‘Pan-Asian Energy Infrastructure’
Bullet Point Summary:
Grenatec’s vision of a Pan-Asian Energy Infrastructure advocates that Asia:
# 1: Acknowledge the Infrastructure/Climate Change Nexus
1. ‘Asia’ (ie China, Japan, South Korea, the ASEAN states, East Timor, Papua-New Guinea, Australia) needs trillions of dollars of new energy, transport and telecommunications infrastructure between now and 2050.
2. As ‘Asia’ becomes the world’s largest regional economy, it holds the key to minimizing destructive global climate change.
# 2: Realize the Interconnection Potential
1. Asia has interconnection-friendly large-scale infrastructure projects planned or underway. These include:
China: Nationwide high-voltage direct current power lines (electricity).
ASEAN: Trans-ASEAN Gas Pipeline (natural gas).
ASEAN: Trans-ASEAN Electricity Grid (electricity).
Indonesia: Palapa Ring (telecommunications).
Asia: Southeast East Japan Cable (telecommunications).
Australia: National Broadband Network.
Australia: LNG export buildout.
# 3: Seize The Initiative
1. Asia should enhance interconnection between the infrastructure projects above and new ones yet to be built.
2. Asia should ‘bundle’ new power line, natural gas and fiber optic infrastructures to create more flexible cross-border energy and information networks. Building this network would require annual investment of roughly 1-2% of Asian GDP over 40 years.
# 4: Reap The Benefits
1. A Pan-Asian Energy Infrastructure would create huge efficiencies.
1. Lower cost power.
2. Increased trade.
3. More competitive markets.
4. Increased Innovation.
5. Reduced geopolitical tension over energy resources.
6. Reduced regional carbon emissions.
7. Increased economic growth, reduced poverty.
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A Pan-Asian Energy Infrastructure is a big idea.
It’s also a sensible, timely one.
If the utility of Asia’s infrastructure is to be maximized, a Pan-Asian Energy Infrastructure represents compelling value.
A Pan-Asian Energy Infrastructure would use fiscal policy (through carbon pricing and eliminating fossil fuel subsidies) to fund ocordinated infrastructure investment (through multilateral cooperation) resulting in more open markets (through increased cross-border energy trade) resulting in lower prices (through heightened competition).
Economically, it’s highly orthodox.
These Pan-Asian Energy Infrastructure ideas are about the future. They’re about solving climate change. They’re about economic growth.
Most important, they’re about the art of the possible.
As a former economics and technology journalist, co-founder of the DESERTEC Foundation, founder of DESERTEC-Australia and now principal of Grenatec — I hope you’ll see — as I have — how the dots connect in Asia.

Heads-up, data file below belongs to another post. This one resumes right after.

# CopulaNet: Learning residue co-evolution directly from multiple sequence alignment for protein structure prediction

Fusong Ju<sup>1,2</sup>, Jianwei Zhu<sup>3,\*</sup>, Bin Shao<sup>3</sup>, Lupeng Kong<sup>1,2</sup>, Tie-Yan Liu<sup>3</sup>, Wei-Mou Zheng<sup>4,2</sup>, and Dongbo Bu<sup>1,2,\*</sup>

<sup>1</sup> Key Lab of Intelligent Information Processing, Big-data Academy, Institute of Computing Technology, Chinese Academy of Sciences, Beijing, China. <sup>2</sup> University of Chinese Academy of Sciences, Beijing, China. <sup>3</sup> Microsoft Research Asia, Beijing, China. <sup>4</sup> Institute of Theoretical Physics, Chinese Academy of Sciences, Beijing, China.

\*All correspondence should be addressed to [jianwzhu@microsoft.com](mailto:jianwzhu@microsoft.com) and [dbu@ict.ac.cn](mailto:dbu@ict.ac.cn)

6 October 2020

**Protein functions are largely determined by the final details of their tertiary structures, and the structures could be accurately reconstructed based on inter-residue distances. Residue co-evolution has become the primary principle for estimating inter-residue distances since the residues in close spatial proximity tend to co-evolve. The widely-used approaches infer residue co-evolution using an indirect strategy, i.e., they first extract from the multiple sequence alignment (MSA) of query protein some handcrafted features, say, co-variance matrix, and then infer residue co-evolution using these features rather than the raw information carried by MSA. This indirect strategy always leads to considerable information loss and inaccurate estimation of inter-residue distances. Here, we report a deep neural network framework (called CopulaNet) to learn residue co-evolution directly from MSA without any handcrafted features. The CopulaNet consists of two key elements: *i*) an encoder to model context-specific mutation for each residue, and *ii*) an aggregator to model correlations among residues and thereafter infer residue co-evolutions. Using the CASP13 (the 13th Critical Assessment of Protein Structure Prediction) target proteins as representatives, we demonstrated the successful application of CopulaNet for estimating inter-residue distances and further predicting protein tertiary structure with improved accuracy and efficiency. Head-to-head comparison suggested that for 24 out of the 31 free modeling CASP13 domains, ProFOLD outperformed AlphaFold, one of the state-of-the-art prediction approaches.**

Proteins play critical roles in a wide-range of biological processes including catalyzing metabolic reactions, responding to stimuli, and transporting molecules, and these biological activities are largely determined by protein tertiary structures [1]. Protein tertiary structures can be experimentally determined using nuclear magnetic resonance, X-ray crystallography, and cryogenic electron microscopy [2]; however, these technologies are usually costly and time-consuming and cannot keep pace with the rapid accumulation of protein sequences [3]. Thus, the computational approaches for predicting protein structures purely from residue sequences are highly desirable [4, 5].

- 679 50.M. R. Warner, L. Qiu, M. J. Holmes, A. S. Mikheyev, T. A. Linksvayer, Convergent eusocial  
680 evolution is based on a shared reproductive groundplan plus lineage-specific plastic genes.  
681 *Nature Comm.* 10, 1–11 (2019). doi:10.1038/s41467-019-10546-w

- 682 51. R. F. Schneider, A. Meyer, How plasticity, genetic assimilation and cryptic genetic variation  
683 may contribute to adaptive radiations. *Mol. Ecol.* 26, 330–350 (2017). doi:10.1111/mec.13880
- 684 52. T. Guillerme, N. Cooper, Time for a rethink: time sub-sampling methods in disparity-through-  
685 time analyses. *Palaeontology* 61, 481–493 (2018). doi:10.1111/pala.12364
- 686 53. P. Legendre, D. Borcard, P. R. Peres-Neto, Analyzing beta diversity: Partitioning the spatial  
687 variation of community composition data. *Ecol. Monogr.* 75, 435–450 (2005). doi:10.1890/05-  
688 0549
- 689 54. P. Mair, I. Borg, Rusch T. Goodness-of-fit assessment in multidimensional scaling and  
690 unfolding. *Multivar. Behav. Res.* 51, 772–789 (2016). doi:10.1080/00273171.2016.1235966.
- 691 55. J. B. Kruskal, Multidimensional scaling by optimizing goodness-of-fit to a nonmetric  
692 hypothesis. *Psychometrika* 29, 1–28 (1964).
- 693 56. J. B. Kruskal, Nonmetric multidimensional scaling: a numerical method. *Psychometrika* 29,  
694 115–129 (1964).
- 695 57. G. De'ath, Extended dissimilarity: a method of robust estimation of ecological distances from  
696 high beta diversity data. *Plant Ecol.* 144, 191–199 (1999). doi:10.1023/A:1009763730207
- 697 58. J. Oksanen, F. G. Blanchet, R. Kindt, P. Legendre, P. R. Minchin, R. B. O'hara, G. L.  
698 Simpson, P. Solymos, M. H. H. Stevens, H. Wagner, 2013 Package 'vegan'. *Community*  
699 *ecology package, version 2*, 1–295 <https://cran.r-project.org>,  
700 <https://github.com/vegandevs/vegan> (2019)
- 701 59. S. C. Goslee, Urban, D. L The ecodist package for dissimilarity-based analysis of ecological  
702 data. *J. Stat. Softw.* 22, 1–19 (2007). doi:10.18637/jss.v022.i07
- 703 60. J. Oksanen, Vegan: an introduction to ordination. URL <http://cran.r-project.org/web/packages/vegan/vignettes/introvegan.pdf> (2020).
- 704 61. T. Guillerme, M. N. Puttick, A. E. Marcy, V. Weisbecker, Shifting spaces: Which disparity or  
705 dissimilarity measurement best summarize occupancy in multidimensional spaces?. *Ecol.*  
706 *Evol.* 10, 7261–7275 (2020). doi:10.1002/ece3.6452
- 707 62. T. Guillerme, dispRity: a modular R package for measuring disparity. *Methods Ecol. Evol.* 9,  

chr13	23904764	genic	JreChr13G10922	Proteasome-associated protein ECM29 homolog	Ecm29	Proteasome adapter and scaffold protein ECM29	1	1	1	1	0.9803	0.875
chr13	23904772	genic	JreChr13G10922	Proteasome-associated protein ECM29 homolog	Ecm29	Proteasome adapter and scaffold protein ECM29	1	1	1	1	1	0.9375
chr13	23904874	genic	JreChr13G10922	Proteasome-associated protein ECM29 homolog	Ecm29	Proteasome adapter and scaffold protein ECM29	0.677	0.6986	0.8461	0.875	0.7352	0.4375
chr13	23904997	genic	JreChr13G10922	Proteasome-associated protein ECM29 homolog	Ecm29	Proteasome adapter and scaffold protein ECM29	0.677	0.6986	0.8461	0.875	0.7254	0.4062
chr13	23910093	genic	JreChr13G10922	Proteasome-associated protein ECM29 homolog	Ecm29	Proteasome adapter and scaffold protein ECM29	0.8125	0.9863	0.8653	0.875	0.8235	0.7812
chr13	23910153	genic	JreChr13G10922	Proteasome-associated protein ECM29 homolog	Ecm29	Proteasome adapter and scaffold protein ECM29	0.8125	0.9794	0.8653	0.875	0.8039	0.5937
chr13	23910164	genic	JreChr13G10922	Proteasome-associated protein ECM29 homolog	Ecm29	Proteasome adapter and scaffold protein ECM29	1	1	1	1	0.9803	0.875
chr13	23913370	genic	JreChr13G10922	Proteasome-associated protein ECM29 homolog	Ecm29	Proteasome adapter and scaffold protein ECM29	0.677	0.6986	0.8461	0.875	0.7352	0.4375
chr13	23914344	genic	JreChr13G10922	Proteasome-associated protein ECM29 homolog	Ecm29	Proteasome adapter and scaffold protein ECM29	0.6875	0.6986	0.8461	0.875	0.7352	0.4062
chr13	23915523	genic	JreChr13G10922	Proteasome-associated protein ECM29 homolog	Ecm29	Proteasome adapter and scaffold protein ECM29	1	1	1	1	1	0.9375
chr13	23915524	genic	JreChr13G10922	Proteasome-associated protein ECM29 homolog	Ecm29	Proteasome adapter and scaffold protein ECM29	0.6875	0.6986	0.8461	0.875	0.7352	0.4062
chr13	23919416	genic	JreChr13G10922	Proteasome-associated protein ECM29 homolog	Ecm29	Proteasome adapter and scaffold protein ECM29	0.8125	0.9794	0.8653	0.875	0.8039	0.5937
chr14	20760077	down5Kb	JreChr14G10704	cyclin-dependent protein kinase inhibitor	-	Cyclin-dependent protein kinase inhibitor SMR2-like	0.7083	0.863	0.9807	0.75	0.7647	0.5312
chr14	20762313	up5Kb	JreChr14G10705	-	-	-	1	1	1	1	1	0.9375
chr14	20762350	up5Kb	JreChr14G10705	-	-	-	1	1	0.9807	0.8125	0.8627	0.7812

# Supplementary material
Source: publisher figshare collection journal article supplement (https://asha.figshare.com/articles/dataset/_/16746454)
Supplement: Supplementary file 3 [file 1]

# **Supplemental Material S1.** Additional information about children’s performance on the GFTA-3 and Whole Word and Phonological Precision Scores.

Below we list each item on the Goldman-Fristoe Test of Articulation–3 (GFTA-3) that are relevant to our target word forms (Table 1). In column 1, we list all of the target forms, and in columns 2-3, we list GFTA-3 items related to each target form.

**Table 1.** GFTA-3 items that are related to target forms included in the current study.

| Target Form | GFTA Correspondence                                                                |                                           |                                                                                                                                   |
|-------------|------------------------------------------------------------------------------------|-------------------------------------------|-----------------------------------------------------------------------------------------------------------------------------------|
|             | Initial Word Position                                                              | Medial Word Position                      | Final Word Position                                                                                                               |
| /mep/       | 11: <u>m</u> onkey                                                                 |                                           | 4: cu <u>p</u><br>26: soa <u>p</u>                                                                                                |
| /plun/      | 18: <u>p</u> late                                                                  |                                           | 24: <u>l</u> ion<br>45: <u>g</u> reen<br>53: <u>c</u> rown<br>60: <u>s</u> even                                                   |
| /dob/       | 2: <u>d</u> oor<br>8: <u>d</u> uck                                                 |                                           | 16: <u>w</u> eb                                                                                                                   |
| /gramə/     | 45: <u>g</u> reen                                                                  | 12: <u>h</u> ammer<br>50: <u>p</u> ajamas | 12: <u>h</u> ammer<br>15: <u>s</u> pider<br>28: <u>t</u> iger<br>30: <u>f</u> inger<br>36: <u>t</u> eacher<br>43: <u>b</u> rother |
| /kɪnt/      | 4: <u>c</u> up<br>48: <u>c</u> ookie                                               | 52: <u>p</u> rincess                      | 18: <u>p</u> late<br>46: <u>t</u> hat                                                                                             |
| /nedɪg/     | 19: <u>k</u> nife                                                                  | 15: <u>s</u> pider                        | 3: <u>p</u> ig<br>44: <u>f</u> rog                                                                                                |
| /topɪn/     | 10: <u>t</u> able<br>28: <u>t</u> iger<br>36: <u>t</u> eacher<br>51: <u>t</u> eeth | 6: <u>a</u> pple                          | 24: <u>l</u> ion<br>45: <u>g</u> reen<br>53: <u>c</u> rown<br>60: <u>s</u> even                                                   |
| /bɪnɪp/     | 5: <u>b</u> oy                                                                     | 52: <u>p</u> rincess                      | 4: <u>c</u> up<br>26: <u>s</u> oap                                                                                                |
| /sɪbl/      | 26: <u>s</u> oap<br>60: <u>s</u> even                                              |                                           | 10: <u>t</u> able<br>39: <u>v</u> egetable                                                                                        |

In coming years, ‘Asia’ (China, Japan, South Korea, the ASEAN states and Australia) will soon be the world’s largest regional economy.
The region has a unique, once-in-a-lifetime opportunity to build for a low-emission regional energy future and prosper while doing so.
Pan Asian Energy Infrastructure:
In Place By 2050?
By 2050, Asia could be criss-crossed by a highly-efficient network of High Voltage Direct Current (HVDC) power lines, natural gas pipelines and fiber optic cables.
The impact would be revolutionary.
Across the flexible system would flow low-emission energy sources accompanied by the information to manage them.
Solar, geothermal, wind, hydro, wave and tidal power, natural gas and clean coal would compete for customers under common rules in a single market governed by carbon-adjusted pricing.
The result would be a deep, liquid, innovative regional energy market. Ubiquitous interconnection would increase trade, lower prices, curb greenhouse gas emissions and enhance energy security.
A Pan-Asian Energy Infrastructure would be future-proof.
It would enable generation and distribution technologies to evolve (such as ‘load management’ and ‘transport or transmit’) as well as encourage development potential future fuel types (such as hydrogen and bio-fuels) through ensuring market access.
Between now and 2050 China, Japan, South Korea, the ASEAN states and Australia will be investing trillions of dollars to expand, replace and upgrade the region’s transport, telecommunications and energy infrastructure systems.
The above is not discretionary spending.
It’s essential investment.
Without this investment, Asia can’t improve living standards in the world’s most economically-dynamic region.
The good news is that ‘bits and pieces’ of a Pan-Asian Energy Infrastructure are already falling into place.